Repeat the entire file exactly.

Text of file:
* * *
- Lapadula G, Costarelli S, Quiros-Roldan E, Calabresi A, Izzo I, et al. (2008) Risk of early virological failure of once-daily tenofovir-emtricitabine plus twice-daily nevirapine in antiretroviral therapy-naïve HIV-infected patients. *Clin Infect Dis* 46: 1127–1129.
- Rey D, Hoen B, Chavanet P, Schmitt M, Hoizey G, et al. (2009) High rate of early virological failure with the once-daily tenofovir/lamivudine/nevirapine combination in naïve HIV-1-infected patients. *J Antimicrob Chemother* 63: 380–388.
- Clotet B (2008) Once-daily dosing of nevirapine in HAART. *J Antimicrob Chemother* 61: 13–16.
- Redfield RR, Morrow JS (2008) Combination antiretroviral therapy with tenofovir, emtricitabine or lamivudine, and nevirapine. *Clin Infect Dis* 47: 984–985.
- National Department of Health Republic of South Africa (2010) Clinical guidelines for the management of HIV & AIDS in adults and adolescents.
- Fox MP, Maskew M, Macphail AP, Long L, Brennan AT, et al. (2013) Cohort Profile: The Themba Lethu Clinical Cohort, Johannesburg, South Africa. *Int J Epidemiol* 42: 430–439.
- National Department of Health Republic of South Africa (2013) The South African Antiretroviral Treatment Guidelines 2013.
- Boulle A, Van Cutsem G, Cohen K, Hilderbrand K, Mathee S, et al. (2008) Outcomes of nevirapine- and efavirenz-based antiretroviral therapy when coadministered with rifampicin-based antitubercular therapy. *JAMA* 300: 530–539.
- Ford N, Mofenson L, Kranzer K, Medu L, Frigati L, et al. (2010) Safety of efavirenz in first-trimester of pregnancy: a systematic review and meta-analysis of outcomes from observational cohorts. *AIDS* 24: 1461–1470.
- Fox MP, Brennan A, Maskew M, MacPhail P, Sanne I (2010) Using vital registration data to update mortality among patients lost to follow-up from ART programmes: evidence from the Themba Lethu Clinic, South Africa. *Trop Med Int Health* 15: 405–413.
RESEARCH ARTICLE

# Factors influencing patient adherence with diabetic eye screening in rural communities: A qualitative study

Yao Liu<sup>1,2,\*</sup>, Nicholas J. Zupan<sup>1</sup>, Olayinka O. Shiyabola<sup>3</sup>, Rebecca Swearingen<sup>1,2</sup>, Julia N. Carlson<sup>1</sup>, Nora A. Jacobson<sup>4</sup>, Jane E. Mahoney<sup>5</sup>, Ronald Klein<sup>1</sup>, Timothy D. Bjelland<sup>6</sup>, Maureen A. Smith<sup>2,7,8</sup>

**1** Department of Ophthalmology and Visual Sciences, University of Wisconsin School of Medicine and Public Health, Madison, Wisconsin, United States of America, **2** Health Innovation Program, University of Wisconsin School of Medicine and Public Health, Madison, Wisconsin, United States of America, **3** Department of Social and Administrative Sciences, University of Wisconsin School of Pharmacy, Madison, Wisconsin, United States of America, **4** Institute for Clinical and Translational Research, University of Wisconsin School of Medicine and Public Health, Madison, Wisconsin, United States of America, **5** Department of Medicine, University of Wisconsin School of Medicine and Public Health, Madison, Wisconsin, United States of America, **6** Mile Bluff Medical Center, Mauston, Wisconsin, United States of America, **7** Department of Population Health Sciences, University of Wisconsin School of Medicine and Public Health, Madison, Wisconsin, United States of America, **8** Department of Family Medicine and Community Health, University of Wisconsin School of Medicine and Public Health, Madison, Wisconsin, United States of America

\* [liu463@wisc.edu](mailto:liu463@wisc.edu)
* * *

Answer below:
- Lapadula G, Costarelli S, Quiros-Roldan E, Calabresi A, Izzo I, et al. (2008) Risk of early virological failure of once-daily tenofovir-emtricitabine plus twice-daily nevirapine in antiretroviral therapy-naïve HIV-infected patients. *Clin Infect Dis* 46: 1127–1129.
- Rey D, Hoen B, Chavanet P, Schmitt M, Hoizey G, et al. (2009) High rate of early virological failure with the once-daily tenofovir/lamivudine/nevirapine combination in naïve HIV-1-infected patients. *J Antimicrob Chemother* 63: 380–388.
- Clotet B (2008) Once-daily dosing of nevirapine in HAART. *J Antimicrob Chemother* 61: 13–16.
- Redfield RR, Morrow JS (2008) Combination antiretroviral therapy with tenofovir, emtricitabine or lamivudine, and nevirapine. *Clin Infect Dis* 47: 984–985.
- National Department of Health Republic of South Africa (2010) Clinical guidelines for the management of HIV & AIDS in adults and adolescents.
- Fox MP, Maskew M, Macphail AP, Long L, Brennan AT, et al. (2013) Cohort Profile: The Themba Lethu Clinical Cohort, Johannesburg, South Africa. *Int J Epidemiol* 42: 430–439.
- National Department of Health Republic of South Africa (2013) The South African Antiretroviral Treatment Guidelines 2013.
- Boulle A, Van Cutsem G, Cohen K, Hilderbrand K, Mathee S, et al. (2008) Outcomes of nevirapine- and efavirenz-based antiretroviral therapy when coadministered with rifampicin-based antitubercular therapy. *JAMA* 300: 530–539.
- Ford N, Mofenson L, Kranzer K, Medu L, Frigati L, et al. (2010) Safety of efavirenz in first-trimester of pregnancy: a systematic review and meta-analysis of outcomes from observational cohorts. *AIDS* 24: 1461–1470.
- Fox MP, Brennan A, Maskew M, MacPhail P, Sanne I (2010) Using vital registration data to update mortality among patients lost to follow-up from ART programmes: evidence from the Themba Lethu Clinic, South Africa. *Trop Med Int Health* 15: 405–413.
RESEARCH ARTICLE

# Factors influencing patient adherence with diabetic eye screening in rural communities: A qualitative study

Yao Liu<sup>1,2,\*</sup>, Nicholas J. Zupan<sup>1</sup>, Olayinka O. Shiyabola<sup>3</sup>, Rebecca Swearingen<sup>1,2</sup>, Julia N. Carlson<sup>1</sup>, Nora A. Jacobson<sup>4</sup>, Jane E. Mahoney<sup>5</sup>, Ronald Klein<sup>1</sup>, Timothy D. Bjelland<sup>6</sup>, Maureen A. Smith<sup>2,7,8</sup>

**1** Department of Ophthalmology and Visual Sciences, University of Wisconsin School of Medicine and Public Health, Madison, Wisconsin, United States of America, **2** Health Innovation Program, University of Wisconsin School of Medicine and Public Health, Madison, Wisconsin, United States of America, **3** Department of Social and Administrative Sciences, University of Wisconsin School of Pharmacy, Madison, Wisconsin, United States of America, **4** Institute for Clinical and Translational Research, University of Wisconsin School of Medicine and Public Health, Madison, Wisconsin, United States of America, **5** Department of Medicine, University of Wisconsin School of Medicine and Public Health, Madison, Wisconsin, United States of America, **6** Mile Bluff Medical Center, Mauston, Wisconsin, United States of America, **7** Department of Population Health Sciences, University of Wisconsin School of Medicine and Public Health, Madison, Wisconsin, United States of America, **8** Department of Family Medicine and Community Health, University of Wisconsin School of Medicine and Public Health, Madison, Wisconsin, United States of America

\* [liu463@wisc.edu](mailto:liu463@wisc.edu)